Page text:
Wednesday 11 March 2009

Kayani: Arsonist Disguised as Firefighter (UPIASIA)

M.D. Nalapat 

Manipal, India — Pakistan's chief of army staff, General Parvez Ashfaq Kayani, is a master at the strategy of starting a fire and then volunteering to put it out in exchange for concessions. Yet he was taken aback when President Asif Ali Zardari declined to enter the noose of imprisonment being prepared for him by the expected return to office of dismissed Chief Justice Iftikhar Chaudhry.

Zardari has refused to reinstate Chaudhry, ousted by his predecessor Gen. Pervez Musharraf, despite urgings from Prime Minister Yousuf Gilani – who was functioning in tandem with Kayani in wanting a more pliant head of state than Zardari.

Since then, Kayani has been working at undermining his nominal superior, ensuring a steady diet of negative media reports about Zardari, and ensuring backroom backing for those champions of Punjabi supremacy in Pakistan, the Sharif brothers. The conspirators meet outside Pakistan, usually in locations in the Middle East, to fine-tune their plans to ensure the removal of Zardari and the return to center stage of Kayani ally Nawaz Sharif.

Of concern to democracies about this Pakistani soap opera is the backing that Kayani has given to the Taliban and its parasite, al-Qaida. It is no accident that NATO has failed to prevent this group of louts from retaking one-third of Afghanistan and moving into the rest.

U.S. backing for Kayani has ensured that the Pakistan military's double-faced policy of secretly helping the Taliban while publicly backing NATO continues. Now that the Clinton team is back in office, courtesy of President Barack Obama, the United States is returning to the 1994-96 policy of backing the Taliban.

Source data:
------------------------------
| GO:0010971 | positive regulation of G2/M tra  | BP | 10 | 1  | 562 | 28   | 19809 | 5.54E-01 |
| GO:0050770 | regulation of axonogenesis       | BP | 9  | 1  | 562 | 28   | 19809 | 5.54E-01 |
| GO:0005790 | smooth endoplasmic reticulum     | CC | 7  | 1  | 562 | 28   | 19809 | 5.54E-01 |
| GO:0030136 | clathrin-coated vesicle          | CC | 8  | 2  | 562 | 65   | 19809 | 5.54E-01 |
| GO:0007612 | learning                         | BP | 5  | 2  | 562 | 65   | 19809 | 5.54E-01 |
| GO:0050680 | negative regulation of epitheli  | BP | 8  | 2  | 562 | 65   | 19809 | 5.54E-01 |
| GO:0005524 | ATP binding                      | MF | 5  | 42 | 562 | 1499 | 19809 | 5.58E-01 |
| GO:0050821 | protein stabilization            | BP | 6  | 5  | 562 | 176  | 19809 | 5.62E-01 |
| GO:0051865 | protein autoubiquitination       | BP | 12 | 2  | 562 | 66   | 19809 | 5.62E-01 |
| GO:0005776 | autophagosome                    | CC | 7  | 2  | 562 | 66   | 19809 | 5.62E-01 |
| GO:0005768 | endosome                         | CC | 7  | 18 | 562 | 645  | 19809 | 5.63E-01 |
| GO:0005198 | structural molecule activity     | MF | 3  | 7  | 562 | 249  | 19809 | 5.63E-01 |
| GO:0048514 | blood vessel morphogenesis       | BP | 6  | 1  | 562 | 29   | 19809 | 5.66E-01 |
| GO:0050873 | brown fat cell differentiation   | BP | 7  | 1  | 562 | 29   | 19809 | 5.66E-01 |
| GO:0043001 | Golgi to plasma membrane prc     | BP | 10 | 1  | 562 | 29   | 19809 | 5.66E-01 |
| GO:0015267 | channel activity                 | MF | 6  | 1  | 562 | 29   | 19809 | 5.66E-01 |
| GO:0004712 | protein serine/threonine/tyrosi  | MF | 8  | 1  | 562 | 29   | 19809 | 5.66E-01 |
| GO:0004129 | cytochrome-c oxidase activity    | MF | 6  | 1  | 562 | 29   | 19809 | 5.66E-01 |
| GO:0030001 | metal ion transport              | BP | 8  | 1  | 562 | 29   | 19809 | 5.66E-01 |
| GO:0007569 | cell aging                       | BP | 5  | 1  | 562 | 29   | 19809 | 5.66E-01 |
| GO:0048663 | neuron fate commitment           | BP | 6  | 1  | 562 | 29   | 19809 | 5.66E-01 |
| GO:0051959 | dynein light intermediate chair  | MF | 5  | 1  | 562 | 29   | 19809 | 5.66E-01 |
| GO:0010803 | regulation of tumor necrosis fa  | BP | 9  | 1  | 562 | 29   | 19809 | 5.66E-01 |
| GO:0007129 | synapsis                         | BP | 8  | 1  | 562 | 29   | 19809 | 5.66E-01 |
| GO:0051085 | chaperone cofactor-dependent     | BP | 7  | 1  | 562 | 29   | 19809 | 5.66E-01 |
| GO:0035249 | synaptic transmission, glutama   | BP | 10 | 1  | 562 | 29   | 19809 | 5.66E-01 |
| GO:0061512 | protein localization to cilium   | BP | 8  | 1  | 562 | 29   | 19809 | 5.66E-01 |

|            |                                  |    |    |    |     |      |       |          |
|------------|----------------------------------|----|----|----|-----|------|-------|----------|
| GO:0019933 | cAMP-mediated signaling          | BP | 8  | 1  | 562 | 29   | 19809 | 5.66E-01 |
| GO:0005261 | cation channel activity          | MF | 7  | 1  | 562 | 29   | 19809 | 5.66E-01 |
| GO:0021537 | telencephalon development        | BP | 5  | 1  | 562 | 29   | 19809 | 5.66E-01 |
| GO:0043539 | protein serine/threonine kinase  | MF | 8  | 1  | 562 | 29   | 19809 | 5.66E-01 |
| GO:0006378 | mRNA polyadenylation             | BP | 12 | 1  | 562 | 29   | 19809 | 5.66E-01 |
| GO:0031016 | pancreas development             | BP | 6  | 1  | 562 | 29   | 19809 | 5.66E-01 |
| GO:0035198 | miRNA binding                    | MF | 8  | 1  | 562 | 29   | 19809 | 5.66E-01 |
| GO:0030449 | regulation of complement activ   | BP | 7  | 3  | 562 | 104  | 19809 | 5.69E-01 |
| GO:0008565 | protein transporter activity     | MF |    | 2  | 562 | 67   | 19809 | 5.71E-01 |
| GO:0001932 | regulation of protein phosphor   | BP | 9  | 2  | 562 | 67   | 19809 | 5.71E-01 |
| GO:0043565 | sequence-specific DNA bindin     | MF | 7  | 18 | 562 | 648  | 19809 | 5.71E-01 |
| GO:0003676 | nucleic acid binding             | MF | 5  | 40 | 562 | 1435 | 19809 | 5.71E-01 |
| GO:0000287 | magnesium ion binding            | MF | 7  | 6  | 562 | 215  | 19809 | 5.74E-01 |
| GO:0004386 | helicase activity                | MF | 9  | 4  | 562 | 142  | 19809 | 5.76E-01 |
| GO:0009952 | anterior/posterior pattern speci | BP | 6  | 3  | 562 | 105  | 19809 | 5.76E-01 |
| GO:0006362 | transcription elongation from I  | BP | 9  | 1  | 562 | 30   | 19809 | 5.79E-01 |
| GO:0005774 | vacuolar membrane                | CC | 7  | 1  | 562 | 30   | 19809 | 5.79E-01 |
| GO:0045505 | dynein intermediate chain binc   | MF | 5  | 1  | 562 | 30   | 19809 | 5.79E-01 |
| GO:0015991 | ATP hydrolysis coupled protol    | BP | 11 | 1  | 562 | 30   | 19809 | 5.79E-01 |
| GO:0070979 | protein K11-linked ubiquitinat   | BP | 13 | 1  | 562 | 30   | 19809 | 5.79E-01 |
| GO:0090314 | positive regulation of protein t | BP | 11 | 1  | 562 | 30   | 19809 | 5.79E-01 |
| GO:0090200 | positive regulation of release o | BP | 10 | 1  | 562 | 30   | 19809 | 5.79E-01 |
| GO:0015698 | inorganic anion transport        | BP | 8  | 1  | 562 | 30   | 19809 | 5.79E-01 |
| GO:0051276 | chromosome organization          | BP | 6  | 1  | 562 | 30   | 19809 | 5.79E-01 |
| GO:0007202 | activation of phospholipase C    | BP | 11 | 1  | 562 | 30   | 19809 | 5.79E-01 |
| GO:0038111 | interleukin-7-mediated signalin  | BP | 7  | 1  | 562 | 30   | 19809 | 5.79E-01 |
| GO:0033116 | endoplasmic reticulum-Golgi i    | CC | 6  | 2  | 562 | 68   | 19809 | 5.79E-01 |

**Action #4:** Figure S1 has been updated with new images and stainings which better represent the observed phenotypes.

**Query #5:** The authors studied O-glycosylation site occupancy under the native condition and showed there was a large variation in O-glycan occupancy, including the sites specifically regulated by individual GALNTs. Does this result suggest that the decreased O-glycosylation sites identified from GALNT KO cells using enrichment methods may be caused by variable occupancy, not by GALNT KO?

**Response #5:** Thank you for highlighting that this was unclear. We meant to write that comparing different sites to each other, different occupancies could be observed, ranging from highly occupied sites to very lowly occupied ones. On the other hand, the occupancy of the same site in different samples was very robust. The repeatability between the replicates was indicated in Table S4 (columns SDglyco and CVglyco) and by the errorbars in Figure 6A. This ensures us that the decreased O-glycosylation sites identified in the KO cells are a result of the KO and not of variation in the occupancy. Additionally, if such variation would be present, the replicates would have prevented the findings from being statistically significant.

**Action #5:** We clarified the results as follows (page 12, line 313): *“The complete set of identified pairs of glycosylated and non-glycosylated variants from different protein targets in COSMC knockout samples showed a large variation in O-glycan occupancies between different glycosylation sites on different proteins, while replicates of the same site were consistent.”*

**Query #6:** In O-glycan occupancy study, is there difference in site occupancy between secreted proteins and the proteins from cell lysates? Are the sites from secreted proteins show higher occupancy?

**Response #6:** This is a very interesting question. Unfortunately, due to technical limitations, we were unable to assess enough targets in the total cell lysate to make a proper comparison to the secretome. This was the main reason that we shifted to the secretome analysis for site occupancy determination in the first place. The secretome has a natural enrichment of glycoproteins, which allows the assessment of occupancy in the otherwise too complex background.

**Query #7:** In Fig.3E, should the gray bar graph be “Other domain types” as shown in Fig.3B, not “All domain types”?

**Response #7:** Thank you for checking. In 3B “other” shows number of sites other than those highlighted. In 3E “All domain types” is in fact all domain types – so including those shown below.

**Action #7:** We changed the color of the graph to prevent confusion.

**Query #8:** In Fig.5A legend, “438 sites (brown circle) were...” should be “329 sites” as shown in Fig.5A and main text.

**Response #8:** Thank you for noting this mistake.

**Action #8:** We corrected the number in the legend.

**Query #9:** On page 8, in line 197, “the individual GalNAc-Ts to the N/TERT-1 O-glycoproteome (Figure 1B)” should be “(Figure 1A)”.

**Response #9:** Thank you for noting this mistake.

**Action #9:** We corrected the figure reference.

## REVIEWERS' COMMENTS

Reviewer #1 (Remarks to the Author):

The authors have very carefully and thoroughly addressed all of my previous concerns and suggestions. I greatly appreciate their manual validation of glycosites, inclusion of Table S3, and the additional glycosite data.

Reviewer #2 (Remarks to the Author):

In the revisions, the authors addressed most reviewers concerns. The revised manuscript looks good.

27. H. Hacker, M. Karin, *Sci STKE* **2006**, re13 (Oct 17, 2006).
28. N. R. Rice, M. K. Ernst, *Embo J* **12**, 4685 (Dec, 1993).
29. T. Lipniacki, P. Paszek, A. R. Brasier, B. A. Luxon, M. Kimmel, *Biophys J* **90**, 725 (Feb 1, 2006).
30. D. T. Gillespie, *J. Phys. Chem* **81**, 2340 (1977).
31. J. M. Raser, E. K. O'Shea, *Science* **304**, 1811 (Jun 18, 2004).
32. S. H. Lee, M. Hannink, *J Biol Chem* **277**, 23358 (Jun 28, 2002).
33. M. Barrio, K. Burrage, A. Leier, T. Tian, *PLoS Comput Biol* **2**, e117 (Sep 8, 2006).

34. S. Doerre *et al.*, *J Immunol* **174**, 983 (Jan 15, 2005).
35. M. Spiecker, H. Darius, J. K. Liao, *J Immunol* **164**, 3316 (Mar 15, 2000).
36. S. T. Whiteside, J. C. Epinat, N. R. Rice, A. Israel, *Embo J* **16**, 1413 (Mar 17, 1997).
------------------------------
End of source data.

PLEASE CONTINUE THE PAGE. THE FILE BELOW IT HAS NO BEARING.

Meanwhile the Taliban has separated into "moderate" and "hard" elements, the distinction being as illusory in practice as the 1893 Durand Line that sliced “Pashtunistan” into two parts, with the north belonging to Afghanistan and the south coming under British, and now Pakistani, rule.

Kinship and opium link these presumed two segments of the Taliban together in a tight embrace, with the "hard" section benefitting militarily from the concessions now being showered by a panicky NATO on the "soft" Taliban.

Behind both is the Pakistan army, which has acquired a fleet of around 2,000 nondescript vehicles to transport goods and personnel across the so-called international border between Pakistan and Afghanistan. The money for such operations comes from the opium trade as well as from Middle Eastern benefactors. Each time a NATO general comes calling, a few of these vehicles are seized, only to be quickly replaced with others bought from within the country.

Asif Ali Zardari may not be a suitable candidate for a seminary, but his family is almost entirely Sufi, in contrast to the hard-line ideology of the relatives of Ashfaq Kayani. The new president of Pakistan is aware that his personal and political survival depends on ensuring that the jihad cohort of Pakistan's officer corps is replaced. He needs army officers with a more syncretic and moderate background, such as represented Pakistan's culture till the 1970s.